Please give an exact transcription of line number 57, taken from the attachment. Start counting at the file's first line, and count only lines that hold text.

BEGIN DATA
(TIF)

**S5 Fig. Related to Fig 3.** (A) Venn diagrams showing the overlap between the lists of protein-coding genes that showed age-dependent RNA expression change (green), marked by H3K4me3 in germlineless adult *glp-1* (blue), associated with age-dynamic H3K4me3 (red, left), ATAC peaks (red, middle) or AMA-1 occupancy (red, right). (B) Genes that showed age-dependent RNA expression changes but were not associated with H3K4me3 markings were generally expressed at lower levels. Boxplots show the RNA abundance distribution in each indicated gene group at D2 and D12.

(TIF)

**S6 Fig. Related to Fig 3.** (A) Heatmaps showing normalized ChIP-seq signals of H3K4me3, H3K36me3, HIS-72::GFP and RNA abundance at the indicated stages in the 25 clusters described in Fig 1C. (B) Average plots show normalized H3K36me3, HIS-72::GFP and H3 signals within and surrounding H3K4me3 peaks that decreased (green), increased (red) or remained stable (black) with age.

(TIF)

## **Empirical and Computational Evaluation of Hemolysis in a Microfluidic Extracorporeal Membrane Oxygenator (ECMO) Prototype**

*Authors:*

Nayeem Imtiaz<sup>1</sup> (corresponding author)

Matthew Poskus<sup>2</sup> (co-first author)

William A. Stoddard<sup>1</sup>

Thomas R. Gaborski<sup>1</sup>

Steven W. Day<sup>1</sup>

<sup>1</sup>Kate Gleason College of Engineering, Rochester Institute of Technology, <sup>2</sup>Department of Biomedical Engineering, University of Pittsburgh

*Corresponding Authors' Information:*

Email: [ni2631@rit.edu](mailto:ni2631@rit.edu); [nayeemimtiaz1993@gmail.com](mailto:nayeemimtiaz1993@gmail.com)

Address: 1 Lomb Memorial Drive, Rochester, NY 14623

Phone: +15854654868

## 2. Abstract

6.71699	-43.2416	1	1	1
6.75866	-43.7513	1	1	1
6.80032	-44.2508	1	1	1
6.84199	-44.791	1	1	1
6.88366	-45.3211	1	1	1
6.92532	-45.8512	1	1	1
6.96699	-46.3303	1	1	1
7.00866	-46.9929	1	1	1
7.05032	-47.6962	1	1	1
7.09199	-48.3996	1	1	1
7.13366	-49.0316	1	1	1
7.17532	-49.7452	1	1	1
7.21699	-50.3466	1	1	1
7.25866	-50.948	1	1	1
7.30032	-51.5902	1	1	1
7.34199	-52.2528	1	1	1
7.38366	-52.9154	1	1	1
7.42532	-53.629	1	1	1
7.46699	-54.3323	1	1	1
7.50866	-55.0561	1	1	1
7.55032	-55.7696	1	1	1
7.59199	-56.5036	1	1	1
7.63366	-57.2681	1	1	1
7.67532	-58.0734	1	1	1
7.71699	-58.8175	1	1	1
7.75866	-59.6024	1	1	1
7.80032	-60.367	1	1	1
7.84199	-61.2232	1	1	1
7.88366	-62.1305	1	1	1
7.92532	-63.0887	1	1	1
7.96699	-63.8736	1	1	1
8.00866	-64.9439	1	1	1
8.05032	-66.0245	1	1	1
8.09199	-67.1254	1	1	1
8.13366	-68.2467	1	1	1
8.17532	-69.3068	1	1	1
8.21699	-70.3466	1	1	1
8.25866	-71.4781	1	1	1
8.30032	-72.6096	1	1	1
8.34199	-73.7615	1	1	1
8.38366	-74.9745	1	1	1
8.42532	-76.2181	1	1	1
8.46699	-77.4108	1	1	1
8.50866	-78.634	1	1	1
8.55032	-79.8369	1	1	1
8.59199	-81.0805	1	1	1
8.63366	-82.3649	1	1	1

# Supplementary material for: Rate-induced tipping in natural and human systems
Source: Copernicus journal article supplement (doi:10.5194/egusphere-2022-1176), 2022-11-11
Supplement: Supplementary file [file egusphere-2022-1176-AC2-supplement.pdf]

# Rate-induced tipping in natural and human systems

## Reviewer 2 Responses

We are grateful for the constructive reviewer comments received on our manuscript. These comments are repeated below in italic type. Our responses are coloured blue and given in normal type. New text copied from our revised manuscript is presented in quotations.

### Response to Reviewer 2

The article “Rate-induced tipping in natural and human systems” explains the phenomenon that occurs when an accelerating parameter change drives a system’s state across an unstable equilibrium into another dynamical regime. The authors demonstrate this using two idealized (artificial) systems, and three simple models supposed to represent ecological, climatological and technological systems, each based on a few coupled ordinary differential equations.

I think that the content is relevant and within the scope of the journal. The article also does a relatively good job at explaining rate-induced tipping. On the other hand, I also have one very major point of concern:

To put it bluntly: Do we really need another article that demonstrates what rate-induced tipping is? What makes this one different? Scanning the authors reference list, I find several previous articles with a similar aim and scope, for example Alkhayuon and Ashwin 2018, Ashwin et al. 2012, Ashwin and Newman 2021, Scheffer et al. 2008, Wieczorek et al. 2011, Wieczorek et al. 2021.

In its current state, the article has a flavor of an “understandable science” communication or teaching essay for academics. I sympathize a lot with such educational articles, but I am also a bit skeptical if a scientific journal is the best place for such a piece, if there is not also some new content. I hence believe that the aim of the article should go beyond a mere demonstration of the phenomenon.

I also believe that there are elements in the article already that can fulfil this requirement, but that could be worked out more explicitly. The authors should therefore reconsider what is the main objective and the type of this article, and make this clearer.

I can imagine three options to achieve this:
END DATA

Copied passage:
8.30032	-72.6096	1	1	1